These Ants Spray Their Victims with Acid Before Decorating Their Nests with Their Skulls

There is a species of ant that could be considered one of the most grotesque out there because of its unusual choice of home decor—the decapitated heads of their victims.

Scientific studies have consistently found Formica archboldi ants tend to keep lots of old body parts around their abodes. "A lot of ants are very clean, they'll remove dead workers or left over food scraps," said Adrian Smith, the Head of the Evolutionary Biology and Behavior Research Lab at North Carolina Museum of Natural Sciences.

Many ants carry their waste away, to outside the nest, and put it in a pile named a midden, which also functions as a cemetery. The main idea for having a clean nest is to protect the queen from infection.

However, the Formica ants "leave, for whatever reason, a big portion of their garbage in their nest," says Smith, who has he examined these insects for two years and produced a study in 2019 on his findings.

"When you crack open their nests and you find a lot of body parts—it's probably because they haven't dumped their trash."

Native to Florida, these skull-collecting ants particularly like devouring trap-jaw ants (Odontomachus​ brunneus)—typically not an easy target. Trap-jaws have a potent sting and spring-loaded bite, which is how they got their English name.

Unlike other ants, Formica's do not have a stinger. Instead, they spray a dose of formic acid at their victims, a load that can completely incapacitate a trap-jaw ant. "One spray can knock out a trap-jaw ant and one individual Formica ant could take down a whole trap-jaw ant, a remarkable feat considering that trap-jaw ants are usually known [as a] ferocious predator," says Smith.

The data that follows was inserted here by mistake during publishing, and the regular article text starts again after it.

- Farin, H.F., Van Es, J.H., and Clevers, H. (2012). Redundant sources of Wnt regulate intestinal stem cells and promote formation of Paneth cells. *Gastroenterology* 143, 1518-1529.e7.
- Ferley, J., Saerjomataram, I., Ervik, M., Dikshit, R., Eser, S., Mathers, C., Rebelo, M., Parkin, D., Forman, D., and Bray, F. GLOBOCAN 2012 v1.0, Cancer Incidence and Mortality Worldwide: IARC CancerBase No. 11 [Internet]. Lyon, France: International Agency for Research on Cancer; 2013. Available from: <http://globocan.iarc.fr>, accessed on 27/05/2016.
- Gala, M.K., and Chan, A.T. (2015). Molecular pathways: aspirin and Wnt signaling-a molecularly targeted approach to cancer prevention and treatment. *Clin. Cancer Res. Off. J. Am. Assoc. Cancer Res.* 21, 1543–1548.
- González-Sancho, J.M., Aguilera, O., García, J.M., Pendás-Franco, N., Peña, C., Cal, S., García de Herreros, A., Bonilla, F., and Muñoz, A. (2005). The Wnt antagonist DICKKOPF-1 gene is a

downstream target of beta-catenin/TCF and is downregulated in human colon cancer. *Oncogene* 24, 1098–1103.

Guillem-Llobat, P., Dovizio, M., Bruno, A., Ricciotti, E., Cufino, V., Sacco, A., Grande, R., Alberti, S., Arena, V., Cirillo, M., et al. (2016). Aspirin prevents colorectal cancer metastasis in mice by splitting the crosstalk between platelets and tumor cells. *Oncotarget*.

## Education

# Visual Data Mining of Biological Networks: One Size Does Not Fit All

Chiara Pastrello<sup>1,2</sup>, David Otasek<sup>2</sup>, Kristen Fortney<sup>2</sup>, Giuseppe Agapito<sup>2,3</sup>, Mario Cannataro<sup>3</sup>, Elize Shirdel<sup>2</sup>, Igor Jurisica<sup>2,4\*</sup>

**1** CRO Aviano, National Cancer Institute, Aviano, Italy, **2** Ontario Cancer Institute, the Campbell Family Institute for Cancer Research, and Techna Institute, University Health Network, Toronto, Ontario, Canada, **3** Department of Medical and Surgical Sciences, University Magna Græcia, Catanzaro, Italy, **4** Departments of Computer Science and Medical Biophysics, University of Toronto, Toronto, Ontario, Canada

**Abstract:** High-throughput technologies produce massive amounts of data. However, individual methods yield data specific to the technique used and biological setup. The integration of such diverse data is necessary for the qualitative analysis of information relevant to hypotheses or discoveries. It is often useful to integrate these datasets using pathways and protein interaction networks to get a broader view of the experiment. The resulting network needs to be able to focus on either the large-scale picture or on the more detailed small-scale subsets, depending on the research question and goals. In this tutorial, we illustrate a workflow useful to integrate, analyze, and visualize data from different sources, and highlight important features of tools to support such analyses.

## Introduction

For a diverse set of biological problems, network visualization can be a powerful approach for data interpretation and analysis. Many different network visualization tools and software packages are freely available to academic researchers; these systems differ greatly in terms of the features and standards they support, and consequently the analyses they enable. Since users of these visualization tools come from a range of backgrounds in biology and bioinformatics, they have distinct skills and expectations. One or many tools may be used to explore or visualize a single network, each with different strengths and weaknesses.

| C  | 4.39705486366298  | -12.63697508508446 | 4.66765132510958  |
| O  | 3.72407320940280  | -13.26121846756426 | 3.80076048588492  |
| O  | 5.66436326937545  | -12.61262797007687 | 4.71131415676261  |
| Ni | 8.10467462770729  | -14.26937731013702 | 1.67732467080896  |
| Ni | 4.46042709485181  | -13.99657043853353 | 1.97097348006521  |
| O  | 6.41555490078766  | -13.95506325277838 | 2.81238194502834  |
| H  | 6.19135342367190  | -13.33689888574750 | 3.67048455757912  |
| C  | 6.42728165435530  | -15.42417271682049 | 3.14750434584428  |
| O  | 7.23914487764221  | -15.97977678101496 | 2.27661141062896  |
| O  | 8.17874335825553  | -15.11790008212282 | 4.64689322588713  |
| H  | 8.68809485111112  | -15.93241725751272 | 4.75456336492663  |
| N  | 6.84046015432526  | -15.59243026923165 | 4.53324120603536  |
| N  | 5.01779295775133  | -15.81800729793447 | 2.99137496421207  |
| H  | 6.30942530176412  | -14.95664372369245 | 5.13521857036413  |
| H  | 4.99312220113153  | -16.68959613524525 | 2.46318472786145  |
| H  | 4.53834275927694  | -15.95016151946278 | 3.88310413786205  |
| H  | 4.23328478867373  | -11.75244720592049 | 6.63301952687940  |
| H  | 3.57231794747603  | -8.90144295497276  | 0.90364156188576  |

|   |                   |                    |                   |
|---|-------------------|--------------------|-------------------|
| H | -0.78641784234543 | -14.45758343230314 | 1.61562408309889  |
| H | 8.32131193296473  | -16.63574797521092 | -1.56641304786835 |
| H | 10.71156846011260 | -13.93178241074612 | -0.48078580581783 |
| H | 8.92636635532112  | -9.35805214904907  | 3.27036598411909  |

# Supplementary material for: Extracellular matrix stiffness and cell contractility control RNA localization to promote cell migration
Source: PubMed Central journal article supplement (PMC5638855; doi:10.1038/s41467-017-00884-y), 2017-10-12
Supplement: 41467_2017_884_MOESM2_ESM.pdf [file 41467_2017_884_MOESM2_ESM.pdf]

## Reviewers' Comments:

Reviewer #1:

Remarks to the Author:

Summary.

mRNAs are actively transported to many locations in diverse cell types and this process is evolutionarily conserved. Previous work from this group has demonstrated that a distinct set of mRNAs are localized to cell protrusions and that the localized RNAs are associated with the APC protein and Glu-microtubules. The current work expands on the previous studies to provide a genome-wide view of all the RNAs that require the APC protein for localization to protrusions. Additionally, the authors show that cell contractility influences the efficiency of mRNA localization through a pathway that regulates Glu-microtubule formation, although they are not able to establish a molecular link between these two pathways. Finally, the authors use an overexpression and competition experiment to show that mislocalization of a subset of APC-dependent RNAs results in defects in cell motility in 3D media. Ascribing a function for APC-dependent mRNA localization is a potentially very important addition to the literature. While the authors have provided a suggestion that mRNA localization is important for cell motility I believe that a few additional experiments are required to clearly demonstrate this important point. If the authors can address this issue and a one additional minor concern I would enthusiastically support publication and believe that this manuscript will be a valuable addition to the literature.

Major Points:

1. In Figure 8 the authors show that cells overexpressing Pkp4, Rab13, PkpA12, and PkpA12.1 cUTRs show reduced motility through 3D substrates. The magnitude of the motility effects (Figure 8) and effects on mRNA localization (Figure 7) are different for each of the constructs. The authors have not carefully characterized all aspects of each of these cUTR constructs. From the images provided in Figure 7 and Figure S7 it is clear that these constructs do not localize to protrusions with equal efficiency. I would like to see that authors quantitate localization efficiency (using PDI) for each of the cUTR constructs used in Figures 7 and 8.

The majority of a Formica's diet is trapdoor ants. "at a guess they would take down two or three workers a day," Smith said. And the skulls are not digested or decomposed easily: "They're the harder part of the exoskeleton, they're all hollowed out, all the muscle has gone, it's just the head cases, or skulls," he said. "They're kinda like discarded chicken bones."

Another theory is that Formica keeps the remains around to chemically mimic the trap-jaw ant they feed on. "When they touch each other with their antennas they are actually smelling," says Smith. "One way of acquiring the chemical, if they don't manufacture it themselves, is perhaps by keeping the carcasses they acquire to maintain the smell of those ants."

Despite scientists discovering these little creatures almost a century ago, it's only recently that stories about them have been widely shared.

"There are rich details all around us that we overlook, or don't pay attention to," says Smith. "These guys have always been in Florida, but they are unique, we've known about these ants and their weird collections of body parts since the 1930s, but no one has taken the time to study them. These studies give us a reason to appreciate these things, show what's out there and admire and protect them."

Formica ants
Formica ants decorate their nests with decapitated heads. Adrian A Smith/North Carolina Museum of Natural Sciences